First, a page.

- Financial Planning: The financial plan should consider the costs of risk analyses and surveillance and the contingency funds to cover costs associated with an emergency response. Development of a compensation policy (indemnity) and its legal framework is central to control measures that require destruction of animals or property.
- Training and Exercises: Training and exercises complement the planning process and ensure not only that all personnel are properly trained for their positions, but also validate the components of the emergency response plans to show they are practical and implementable.
- A Contingency Plan outlines the actions when the disease is detected and the response activities begin, including the standard operating procedures (SOP) for staff to implement the process.
The technical SOP covers the response activities common to any number of high-threat diseases. Disease-specific contingency plans include the additional strategies, actions and policies necessary to contain and eliminate a specific disease and is designed to supplement the technical SOP. The Contingency Plan also contains instructions for resource management during the disease response, as well as financial procedures and controls. The plan should be refined, as necessary, through routine exercises and personnel should be trained in their individual roles and responsibilities.
The control of a high-threat disease can be challenging to achieve because no single action by itself will do the job. Multiple actions will need to be taken simultaneously and often must be coordinated with each other for a successful outcome. This requires a substantial amount of efficient, logistical support. The challenges of an emergency disease response require a straightforward way of thinking about disease control. This can be done by keeping the three pillars of infectious disease control in mind:
- Find the infection fast
- Eliminate the infection quickly
- Stop the infection from spreading
If one pillar is not effectively supporting the emergency response, the entire response effort will collapse. All disease management activities should be directed toward the three objectives the pillars represent. It requires a steady flow of accurate information for emergency management staff to continually assess how well each of the objectives are being met and to quickly adjust response actions accordingly.
- The Recovery Plan includes the verification process to prove freedom from the disease and actions necessary to begin restoring lost export markets.
Neighboring countries and the rest of the international community will want objective proof that a country has regained freedom from the disease, which will require a series of verification steps. This verification process provides the foundation for restoring export markets for livestock and animal products that were lost during the disease outbreak. The ability to verify freedom from a particular disease also enables countries to negotiate new trade opportunities to gain additional export markets. The verification process often involves the following:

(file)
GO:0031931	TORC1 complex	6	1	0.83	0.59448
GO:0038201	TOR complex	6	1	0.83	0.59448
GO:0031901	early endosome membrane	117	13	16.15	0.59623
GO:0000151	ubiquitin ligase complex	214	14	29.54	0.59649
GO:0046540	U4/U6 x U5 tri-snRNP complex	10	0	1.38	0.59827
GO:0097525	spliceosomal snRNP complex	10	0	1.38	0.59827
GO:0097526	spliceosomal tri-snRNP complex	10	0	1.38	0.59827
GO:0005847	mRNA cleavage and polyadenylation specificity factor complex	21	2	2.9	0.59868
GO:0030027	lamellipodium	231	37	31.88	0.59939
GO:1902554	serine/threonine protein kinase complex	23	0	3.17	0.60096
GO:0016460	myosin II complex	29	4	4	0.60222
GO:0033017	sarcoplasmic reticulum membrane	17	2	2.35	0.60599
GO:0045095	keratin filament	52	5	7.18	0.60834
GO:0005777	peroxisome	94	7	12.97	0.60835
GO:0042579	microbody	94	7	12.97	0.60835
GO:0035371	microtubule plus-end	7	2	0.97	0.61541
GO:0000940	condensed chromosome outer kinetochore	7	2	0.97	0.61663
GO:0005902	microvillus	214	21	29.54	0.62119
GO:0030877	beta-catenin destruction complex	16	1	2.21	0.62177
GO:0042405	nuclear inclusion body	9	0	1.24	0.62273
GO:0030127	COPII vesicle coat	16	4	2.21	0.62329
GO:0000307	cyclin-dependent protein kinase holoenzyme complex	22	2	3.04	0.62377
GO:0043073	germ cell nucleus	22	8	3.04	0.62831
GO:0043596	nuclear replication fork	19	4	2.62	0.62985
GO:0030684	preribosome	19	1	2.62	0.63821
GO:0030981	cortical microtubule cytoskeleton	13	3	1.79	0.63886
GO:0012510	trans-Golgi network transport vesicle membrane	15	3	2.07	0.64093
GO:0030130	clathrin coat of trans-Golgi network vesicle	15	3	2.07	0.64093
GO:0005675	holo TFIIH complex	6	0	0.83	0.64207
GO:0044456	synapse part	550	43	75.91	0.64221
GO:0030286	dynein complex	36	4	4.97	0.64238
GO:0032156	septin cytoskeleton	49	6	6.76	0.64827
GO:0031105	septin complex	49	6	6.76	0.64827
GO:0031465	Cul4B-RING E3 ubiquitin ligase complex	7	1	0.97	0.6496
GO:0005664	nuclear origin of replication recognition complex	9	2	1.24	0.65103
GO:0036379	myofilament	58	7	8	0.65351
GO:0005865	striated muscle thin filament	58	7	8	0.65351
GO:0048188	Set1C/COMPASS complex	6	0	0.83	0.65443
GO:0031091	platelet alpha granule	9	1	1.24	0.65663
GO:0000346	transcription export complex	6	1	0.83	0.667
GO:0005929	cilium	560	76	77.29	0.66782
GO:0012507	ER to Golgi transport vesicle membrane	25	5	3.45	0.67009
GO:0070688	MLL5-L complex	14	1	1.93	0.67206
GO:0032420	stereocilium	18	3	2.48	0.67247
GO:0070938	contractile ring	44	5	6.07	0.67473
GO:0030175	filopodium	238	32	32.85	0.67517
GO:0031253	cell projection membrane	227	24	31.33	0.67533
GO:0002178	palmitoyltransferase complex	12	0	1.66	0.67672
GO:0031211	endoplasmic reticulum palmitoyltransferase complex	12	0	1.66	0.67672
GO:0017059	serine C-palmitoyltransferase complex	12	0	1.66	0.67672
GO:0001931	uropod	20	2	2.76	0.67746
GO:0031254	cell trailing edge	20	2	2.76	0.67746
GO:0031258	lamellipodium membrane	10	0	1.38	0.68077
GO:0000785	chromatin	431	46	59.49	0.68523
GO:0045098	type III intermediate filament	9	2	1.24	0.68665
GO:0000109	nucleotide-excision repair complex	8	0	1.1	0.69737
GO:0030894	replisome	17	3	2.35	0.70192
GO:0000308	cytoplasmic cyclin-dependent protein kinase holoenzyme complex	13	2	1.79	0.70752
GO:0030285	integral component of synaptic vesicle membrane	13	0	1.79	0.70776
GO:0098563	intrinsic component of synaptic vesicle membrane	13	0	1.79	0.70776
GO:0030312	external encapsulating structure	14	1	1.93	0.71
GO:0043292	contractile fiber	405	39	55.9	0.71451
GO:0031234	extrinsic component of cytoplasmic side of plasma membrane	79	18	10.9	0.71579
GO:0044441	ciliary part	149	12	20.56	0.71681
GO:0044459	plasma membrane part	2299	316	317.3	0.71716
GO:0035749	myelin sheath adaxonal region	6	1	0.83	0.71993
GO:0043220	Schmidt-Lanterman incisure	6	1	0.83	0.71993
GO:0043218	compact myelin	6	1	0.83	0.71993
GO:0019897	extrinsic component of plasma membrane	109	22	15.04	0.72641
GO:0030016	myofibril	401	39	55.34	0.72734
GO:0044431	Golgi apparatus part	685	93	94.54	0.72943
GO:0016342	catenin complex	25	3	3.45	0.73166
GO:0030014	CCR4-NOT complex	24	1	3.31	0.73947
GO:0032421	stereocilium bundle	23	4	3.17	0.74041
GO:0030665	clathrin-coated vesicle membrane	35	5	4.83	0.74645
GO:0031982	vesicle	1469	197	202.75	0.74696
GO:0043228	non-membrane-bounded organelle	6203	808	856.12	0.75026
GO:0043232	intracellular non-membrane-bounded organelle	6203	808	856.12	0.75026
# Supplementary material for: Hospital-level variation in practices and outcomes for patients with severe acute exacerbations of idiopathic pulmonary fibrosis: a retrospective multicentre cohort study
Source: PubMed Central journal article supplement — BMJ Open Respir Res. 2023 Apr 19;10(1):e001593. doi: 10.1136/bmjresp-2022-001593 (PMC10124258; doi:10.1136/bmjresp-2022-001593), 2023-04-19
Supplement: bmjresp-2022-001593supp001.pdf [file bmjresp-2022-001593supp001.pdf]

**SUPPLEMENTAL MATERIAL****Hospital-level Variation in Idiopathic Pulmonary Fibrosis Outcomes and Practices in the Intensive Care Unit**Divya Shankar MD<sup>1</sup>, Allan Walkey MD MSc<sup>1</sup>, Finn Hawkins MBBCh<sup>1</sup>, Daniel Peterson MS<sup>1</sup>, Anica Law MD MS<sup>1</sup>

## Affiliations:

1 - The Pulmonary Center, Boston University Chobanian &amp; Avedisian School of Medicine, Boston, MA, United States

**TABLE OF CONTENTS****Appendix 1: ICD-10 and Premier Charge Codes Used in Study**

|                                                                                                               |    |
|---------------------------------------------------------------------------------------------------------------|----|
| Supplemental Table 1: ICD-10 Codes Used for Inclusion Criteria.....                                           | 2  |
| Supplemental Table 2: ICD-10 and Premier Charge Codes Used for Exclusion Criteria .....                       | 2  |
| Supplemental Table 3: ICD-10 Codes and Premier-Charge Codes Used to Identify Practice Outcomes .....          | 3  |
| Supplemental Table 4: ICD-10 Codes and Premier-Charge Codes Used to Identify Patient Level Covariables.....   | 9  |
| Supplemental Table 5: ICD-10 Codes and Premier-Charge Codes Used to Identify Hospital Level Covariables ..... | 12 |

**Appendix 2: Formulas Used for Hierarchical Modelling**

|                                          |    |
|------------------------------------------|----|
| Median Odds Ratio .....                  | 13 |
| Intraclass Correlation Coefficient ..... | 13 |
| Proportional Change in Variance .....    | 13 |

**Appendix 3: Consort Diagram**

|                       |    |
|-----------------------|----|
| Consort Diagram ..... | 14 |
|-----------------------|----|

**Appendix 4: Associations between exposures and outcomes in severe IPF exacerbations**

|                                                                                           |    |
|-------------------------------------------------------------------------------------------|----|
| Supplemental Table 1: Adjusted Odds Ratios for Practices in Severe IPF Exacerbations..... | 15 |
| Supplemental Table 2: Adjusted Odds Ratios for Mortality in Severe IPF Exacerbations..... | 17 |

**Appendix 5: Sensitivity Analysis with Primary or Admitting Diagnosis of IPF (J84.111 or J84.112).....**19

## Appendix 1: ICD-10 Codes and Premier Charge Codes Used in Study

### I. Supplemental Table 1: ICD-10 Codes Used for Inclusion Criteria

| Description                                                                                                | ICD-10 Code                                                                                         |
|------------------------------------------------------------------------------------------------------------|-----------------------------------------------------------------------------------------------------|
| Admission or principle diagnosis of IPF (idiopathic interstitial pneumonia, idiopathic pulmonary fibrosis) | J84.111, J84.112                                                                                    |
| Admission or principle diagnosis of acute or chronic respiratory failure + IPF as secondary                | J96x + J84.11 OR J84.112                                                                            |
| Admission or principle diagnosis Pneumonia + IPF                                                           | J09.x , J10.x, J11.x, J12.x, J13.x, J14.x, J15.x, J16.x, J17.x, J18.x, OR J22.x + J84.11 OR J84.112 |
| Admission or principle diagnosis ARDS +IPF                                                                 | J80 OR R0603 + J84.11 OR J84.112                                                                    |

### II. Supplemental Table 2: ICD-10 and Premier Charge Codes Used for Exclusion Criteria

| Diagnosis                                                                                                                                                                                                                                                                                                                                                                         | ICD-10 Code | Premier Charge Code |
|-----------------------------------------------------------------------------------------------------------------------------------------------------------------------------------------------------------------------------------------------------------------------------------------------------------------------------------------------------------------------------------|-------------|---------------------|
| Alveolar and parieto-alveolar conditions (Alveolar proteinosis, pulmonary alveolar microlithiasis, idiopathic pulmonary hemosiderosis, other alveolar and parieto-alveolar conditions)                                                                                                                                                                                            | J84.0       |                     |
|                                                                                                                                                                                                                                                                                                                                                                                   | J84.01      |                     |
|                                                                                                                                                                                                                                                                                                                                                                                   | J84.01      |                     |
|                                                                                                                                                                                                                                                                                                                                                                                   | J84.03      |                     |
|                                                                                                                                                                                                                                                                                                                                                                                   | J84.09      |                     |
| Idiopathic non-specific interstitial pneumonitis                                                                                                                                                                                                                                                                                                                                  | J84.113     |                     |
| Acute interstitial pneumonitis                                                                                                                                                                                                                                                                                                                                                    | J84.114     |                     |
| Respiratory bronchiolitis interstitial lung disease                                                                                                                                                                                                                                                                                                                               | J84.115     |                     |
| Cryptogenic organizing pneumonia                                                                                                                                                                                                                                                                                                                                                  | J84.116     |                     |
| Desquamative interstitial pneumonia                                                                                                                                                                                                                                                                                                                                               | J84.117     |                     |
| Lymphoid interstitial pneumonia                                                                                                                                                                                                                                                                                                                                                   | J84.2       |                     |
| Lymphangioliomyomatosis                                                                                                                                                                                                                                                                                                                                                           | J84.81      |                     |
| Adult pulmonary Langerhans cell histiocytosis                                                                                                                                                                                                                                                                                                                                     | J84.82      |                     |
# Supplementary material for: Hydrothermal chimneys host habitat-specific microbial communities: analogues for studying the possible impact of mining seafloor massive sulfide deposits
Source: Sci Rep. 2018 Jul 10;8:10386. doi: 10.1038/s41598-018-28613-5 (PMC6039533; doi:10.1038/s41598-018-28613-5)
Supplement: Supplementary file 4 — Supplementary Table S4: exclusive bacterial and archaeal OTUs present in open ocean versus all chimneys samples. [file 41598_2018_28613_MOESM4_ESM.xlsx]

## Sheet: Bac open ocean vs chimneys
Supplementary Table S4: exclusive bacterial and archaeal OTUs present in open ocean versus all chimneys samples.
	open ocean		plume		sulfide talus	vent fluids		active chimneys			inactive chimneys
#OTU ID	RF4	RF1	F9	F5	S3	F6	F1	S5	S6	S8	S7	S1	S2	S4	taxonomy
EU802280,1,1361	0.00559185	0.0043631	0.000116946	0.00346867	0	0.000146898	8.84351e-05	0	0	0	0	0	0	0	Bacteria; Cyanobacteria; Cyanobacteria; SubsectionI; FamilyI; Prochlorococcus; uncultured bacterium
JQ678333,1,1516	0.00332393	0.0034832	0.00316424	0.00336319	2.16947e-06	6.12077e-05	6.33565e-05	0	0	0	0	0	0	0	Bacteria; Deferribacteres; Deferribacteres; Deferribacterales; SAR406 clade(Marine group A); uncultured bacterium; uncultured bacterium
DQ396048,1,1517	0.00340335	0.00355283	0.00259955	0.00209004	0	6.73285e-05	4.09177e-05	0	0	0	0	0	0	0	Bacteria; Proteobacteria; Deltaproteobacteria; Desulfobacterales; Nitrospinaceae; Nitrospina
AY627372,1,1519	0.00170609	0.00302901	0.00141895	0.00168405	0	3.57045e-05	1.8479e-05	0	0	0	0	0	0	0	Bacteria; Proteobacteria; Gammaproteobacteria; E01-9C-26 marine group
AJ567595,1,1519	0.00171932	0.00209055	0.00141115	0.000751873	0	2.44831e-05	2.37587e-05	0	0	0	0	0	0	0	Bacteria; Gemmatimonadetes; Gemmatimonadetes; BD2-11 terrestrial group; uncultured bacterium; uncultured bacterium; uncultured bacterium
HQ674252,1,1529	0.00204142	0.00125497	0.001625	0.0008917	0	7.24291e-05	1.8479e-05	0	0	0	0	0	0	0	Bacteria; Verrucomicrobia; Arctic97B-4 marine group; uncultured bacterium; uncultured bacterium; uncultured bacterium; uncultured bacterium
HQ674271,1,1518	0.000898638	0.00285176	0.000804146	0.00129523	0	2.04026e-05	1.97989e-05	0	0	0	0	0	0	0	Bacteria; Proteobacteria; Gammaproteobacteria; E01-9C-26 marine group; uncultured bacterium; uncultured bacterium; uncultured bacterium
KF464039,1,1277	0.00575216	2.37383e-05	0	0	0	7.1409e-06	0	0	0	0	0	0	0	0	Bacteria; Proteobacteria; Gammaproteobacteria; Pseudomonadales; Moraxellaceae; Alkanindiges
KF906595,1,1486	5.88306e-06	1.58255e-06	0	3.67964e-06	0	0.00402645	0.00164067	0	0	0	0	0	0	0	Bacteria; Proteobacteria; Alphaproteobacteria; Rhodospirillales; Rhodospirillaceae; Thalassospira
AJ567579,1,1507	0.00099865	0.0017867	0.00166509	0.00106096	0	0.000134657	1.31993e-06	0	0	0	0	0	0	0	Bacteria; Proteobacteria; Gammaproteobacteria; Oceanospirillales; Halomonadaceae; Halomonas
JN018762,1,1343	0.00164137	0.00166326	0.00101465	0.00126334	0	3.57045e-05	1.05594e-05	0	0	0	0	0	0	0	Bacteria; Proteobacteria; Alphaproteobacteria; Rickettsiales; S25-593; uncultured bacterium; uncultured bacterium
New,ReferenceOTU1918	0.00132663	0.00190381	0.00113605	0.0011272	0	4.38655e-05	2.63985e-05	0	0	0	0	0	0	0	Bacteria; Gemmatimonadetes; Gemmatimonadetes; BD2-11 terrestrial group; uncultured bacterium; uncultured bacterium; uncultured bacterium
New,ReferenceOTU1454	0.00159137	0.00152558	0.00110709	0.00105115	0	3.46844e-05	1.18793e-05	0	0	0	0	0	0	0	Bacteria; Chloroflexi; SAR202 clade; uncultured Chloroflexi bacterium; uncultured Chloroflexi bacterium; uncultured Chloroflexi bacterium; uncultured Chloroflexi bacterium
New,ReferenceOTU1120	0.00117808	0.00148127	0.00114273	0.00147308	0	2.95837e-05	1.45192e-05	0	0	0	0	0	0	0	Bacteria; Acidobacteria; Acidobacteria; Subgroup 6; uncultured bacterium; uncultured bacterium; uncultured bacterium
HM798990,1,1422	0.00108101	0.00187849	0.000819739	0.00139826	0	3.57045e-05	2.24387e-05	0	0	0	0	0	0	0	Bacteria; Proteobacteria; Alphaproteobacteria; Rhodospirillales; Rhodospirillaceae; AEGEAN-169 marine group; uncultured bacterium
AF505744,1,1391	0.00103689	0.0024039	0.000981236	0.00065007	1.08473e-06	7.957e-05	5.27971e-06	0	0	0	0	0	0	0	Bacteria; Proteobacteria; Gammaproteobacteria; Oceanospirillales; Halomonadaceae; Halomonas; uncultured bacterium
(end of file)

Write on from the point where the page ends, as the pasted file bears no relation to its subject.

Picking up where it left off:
- Demonstration of an effective veterinary infrastructure and comprehensive disease surveillance program
- Statistically based serological testing
- Active clinical surveillance
The World Organisation for Animal Health — Terrestrial Animal Health Codes provides specific guidelines on acceptable international disease freedom verification procedures for each disease.
The development and implementation of a modern animal disease emergency preparedness and response plan allows countries to shift from reactive to proactive in protecting their national food supply, public health and economic stability. Leveraging these science-based, transparent processes will benefit not only countries, but the international community in world-wide animal disease control. Time is a critical element in disease outbreak. Having a well-communicated, organized plan that is easy to follow as soon as notice is given will support efforts to undertake a quick response.
Want to learn more about the concept of animal health? Check out our free, self-paced, online Animal Health Learning Module, which explores the evolution of the U.S. surveillance process, the value of a modern surveillance system and emergency response process, international trade and animal health, import risk analysis, risk management and risk communication, emergency preparedness and response, and concludes with a case study that allows learners to walk through a fictional country’s response to an African Swine Fever outbreak. Visit http://www.spscourses.com today to sign up for a free account and access this module and so much more!